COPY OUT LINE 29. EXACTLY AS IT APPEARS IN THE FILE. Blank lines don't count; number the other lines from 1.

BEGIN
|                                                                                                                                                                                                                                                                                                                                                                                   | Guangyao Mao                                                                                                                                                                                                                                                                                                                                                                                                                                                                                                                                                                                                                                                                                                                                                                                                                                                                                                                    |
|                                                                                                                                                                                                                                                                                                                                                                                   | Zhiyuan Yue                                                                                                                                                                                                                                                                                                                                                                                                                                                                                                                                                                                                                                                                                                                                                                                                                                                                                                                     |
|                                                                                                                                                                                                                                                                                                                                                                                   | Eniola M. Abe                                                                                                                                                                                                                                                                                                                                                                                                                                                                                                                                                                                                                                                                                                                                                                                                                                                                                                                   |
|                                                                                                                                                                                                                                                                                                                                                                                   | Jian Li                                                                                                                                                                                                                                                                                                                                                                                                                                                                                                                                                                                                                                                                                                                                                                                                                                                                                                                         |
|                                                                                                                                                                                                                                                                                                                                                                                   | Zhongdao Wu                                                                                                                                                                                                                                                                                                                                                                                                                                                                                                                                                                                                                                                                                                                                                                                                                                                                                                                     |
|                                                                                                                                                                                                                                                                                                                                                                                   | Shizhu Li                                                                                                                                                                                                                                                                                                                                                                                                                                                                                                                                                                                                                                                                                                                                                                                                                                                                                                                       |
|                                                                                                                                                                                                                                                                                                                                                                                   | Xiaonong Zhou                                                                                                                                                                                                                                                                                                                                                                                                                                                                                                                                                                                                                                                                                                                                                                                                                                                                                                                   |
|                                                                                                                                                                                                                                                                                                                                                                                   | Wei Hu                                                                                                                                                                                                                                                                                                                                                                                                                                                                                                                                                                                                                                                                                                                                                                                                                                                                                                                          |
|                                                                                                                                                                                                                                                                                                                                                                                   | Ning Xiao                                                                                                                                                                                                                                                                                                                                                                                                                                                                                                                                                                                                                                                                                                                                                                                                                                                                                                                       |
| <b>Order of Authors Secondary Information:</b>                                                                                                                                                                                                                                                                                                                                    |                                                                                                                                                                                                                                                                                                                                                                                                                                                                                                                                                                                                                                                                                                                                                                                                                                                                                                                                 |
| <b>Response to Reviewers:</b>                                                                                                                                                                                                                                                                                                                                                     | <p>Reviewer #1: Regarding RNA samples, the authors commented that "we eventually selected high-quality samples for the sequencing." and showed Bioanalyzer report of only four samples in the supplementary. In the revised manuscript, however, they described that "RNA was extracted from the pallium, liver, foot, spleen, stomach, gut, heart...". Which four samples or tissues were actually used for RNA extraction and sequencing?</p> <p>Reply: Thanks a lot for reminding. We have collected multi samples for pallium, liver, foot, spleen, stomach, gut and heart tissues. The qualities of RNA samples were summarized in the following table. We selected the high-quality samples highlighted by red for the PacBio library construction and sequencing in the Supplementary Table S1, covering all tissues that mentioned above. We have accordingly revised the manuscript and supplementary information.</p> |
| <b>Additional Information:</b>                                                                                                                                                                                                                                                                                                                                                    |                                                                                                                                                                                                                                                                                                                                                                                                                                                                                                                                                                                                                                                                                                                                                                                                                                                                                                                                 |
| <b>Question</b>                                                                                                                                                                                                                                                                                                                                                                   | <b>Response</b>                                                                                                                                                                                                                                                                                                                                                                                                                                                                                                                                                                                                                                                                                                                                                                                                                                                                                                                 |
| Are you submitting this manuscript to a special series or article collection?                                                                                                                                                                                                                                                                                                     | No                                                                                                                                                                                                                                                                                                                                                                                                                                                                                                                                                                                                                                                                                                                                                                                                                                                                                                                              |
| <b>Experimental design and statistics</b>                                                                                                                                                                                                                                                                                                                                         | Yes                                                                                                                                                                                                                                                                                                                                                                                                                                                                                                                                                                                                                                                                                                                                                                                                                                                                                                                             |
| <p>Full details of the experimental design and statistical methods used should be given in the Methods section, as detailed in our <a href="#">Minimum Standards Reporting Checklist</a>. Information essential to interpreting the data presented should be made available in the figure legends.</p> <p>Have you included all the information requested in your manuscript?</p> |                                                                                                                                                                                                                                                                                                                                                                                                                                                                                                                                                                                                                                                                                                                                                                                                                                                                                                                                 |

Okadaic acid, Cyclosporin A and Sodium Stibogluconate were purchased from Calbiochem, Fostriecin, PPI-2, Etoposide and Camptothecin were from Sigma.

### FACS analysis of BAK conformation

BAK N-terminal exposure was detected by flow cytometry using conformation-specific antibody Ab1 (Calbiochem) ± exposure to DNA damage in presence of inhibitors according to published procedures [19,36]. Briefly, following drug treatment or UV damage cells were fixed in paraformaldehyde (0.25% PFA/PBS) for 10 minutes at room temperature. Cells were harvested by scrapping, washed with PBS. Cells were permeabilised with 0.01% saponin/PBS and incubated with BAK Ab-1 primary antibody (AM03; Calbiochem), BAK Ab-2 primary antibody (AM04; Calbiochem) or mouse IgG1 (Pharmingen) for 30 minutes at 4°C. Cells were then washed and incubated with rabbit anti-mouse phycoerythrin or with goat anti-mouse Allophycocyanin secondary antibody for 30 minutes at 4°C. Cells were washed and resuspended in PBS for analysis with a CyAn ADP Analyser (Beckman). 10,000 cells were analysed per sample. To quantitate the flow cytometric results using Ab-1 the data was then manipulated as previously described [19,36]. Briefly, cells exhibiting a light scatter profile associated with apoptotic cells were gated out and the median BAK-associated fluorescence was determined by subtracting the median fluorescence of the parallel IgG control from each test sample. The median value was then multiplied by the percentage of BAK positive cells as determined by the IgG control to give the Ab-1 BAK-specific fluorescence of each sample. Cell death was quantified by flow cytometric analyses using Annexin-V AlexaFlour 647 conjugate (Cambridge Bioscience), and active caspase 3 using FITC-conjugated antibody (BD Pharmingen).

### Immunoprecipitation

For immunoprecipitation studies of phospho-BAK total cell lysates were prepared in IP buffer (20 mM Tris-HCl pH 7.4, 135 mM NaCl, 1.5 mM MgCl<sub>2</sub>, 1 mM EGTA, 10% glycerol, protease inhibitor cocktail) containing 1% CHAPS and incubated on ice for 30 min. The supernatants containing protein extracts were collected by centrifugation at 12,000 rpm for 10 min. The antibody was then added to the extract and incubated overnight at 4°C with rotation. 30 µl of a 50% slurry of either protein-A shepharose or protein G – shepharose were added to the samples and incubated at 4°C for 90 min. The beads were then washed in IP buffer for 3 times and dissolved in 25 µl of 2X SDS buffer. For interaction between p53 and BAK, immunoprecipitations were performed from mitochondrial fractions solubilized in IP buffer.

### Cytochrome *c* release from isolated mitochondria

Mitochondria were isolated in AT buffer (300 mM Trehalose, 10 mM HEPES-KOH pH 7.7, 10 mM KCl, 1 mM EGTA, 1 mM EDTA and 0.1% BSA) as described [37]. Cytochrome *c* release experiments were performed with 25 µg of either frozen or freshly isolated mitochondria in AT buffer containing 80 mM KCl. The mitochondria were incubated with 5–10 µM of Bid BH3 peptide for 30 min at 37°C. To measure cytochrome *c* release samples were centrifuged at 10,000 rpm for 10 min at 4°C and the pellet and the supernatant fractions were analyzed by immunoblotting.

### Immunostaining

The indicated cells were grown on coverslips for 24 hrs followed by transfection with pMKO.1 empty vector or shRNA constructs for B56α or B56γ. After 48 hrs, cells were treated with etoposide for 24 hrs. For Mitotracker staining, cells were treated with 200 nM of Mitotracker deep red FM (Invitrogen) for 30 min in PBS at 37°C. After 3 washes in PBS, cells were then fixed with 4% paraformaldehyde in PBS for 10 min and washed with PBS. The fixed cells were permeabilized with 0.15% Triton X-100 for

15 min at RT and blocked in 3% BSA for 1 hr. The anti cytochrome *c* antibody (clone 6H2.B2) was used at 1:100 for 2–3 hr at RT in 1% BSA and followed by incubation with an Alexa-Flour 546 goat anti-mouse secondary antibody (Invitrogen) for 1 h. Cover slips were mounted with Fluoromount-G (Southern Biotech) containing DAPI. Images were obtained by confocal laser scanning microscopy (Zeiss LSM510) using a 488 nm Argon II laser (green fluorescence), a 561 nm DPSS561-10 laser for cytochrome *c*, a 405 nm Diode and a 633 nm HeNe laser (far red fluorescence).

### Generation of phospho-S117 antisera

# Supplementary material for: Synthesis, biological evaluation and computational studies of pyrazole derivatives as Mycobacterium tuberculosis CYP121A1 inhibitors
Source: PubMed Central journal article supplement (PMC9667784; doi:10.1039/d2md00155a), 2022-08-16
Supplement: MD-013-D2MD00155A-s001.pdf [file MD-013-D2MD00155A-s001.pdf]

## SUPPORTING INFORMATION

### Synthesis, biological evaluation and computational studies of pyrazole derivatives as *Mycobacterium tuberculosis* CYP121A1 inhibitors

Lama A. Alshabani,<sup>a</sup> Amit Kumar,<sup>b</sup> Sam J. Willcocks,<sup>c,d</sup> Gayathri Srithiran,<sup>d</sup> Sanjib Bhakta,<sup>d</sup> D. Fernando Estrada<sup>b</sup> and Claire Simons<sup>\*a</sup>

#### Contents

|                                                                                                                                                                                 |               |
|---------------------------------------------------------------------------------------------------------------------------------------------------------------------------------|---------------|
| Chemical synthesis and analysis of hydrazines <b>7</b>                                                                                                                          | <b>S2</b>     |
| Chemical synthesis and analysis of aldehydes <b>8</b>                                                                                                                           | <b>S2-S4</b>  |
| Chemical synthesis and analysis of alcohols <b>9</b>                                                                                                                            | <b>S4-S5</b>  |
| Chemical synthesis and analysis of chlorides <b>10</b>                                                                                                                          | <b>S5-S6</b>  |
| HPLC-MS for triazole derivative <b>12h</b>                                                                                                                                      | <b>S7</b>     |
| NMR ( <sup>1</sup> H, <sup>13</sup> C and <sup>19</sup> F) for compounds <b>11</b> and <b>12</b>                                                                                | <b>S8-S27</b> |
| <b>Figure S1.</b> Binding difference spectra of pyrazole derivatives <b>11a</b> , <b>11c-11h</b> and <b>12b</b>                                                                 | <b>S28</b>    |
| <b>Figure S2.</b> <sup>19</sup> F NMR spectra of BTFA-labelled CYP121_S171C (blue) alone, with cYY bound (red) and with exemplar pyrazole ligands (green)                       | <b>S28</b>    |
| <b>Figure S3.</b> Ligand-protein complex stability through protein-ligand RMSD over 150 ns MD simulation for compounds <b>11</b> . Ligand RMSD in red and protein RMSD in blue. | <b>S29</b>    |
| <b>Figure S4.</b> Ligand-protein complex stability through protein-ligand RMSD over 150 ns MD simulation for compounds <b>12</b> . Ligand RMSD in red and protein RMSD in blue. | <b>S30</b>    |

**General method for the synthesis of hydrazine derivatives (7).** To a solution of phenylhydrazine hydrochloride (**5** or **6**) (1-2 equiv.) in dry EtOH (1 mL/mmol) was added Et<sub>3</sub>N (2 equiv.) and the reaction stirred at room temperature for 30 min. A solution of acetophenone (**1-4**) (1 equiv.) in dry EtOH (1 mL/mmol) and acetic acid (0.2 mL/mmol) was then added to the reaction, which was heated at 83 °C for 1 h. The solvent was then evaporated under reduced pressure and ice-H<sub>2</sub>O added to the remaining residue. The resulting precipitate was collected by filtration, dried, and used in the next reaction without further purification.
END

Source: PubMed Central journal article supplement (PMC9667784; doi:10.1039/d2md00155a), 2022-08-16